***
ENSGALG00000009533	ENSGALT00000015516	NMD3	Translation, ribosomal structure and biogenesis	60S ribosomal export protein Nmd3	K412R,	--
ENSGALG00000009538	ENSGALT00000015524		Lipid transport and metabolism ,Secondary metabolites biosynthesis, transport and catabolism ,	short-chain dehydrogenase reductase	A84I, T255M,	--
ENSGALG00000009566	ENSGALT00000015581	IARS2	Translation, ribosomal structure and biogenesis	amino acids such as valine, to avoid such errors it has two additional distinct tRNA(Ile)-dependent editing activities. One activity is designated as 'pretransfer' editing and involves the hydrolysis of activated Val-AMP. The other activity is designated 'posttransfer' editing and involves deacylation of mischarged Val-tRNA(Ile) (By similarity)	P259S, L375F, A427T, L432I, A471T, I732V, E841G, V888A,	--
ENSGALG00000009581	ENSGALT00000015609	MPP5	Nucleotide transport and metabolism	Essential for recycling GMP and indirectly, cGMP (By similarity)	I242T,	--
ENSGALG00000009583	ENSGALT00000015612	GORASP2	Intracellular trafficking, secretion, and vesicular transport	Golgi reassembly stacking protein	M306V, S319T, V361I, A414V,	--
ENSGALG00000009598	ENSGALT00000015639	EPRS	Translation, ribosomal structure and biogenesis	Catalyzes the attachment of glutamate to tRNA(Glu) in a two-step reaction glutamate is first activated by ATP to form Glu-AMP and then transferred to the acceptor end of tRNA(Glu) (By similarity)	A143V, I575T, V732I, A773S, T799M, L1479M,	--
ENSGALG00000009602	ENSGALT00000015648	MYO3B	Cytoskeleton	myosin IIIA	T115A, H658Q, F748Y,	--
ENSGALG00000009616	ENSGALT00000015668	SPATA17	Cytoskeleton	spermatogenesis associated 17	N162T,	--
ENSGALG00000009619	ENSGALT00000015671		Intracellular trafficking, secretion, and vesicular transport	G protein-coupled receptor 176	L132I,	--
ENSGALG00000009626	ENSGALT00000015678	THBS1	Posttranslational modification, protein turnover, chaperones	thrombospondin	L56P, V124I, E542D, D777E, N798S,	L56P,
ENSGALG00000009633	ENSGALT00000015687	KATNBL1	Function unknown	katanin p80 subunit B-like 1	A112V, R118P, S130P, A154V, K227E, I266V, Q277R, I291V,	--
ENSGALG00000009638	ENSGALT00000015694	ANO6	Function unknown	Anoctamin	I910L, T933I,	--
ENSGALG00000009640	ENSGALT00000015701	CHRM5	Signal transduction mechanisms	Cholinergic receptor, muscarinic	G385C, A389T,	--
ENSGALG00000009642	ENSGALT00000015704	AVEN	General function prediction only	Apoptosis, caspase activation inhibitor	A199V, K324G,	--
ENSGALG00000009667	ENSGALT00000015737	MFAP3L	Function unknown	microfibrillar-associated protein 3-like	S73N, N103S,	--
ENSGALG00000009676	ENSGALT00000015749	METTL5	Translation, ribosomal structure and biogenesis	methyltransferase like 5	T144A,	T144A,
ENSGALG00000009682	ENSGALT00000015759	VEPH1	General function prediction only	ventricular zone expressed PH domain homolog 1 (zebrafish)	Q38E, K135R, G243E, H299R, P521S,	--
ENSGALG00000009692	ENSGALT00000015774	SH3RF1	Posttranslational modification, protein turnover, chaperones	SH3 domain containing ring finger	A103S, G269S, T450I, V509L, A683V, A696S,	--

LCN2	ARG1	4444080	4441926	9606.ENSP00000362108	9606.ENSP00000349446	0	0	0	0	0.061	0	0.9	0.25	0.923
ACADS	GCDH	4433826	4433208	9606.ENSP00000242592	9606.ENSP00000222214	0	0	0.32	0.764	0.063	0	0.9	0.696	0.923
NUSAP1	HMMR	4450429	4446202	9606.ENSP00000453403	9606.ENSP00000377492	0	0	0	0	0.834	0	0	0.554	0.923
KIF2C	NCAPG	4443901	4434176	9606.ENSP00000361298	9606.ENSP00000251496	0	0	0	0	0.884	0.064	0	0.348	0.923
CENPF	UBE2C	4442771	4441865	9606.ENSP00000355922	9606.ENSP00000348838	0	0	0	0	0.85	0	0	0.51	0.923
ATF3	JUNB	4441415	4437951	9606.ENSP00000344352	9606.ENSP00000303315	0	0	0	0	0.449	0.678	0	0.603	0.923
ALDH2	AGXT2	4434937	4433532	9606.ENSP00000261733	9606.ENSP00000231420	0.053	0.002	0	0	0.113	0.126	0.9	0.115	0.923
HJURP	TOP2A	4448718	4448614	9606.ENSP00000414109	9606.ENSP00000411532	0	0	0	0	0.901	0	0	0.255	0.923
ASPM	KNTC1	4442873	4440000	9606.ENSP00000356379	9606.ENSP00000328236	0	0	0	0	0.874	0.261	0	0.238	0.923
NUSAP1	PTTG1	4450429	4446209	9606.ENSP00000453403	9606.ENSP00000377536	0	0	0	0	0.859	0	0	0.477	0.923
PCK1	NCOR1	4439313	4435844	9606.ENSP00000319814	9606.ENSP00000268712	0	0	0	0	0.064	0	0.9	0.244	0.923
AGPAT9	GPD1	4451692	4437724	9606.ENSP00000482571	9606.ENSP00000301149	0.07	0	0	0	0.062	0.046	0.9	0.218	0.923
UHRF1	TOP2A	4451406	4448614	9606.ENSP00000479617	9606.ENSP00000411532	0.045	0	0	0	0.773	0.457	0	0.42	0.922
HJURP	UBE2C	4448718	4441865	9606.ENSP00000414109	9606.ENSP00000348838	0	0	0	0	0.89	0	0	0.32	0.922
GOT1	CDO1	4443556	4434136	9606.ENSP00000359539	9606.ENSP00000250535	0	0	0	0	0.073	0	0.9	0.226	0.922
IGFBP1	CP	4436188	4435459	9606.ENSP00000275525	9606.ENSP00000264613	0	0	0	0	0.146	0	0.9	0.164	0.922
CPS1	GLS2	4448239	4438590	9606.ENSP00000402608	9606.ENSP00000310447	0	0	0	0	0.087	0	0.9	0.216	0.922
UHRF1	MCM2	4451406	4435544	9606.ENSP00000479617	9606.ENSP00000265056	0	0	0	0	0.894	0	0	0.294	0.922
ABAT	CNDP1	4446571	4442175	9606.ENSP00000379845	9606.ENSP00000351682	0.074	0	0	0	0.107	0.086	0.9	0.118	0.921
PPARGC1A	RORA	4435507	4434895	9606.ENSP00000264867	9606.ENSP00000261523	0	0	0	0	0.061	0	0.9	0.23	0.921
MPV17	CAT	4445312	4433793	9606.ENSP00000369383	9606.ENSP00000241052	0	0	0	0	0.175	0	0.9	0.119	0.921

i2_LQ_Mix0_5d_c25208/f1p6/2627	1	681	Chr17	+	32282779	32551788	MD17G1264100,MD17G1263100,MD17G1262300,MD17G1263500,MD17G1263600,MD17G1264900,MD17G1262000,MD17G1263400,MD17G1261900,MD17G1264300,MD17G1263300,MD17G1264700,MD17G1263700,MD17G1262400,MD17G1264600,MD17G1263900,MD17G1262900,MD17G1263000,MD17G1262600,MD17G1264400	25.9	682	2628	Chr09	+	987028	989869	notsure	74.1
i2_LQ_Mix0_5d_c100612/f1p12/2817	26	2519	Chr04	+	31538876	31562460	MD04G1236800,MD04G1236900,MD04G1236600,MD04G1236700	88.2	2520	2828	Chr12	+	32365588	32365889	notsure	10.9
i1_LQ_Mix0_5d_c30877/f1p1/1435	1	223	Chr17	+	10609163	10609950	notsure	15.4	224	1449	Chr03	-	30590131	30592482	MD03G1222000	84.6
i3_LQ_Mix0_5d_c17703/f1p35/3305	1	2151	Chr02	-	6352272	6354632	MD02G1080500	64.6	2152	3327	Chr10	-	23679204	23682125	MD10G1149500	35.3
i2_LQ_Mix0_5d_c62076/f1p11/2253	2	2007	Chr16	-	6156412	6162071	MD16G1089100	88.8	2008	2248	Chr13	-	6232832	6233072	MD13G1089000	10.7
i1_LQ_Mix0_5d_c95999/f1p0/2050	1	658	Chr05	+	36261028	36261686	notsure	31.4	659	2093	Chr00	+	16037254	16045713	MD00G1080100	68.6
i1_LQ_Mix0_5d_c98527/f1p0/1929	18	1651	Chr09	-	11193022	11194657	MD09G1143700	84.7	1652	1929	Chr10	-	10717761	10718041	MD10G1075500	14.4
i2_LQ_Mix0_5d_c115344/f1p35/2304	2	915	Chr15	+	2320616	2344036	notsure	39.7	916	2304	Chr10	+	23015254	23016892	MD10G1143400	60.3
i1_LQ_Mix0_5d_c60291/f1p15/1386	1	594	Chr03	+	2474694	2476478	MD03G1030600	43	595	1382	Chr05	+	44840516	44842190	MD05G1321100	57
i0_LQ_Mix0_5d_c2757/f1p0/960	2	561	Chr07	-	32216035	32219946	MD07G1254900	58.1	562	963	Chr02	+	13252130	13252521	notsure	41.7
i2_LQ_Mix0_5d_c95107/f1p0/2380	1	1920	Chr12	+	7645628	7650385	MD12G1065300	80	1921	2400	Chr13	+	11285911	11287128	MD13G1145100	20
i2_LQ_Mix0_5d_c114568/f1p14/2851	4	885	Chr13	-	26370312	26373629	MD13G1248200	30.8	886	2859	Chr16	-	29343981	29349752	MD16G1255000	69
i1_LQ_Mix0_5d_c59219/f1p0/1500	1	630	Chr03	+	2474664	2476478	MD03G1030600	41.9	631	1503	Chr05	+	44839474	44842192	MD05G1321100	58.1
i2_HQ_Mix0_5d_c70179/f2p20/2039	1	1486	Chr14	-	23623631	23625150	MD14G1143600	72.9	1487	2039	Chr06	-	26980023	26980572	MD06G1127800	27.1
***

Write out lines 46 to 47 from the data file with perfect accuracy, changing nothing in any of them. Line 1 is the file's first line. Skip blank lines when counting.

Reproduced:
i1_LQ_Mix0_5d_c98527/f1p0/1929	18	1651	Chr09	-	11193022	11194657	MD09G1143700	84.7	1652	1929	Chr10	-	10717761	10718041	MD10G1075500	14.4
i2_LQ_Mix0_5d_c115344/f1p35/2304	2	915	Chr15	+	2320616	2344036	notsure	39.7	916	2304	Chr10	+	23015254	23016892	MD10G1143400	60.3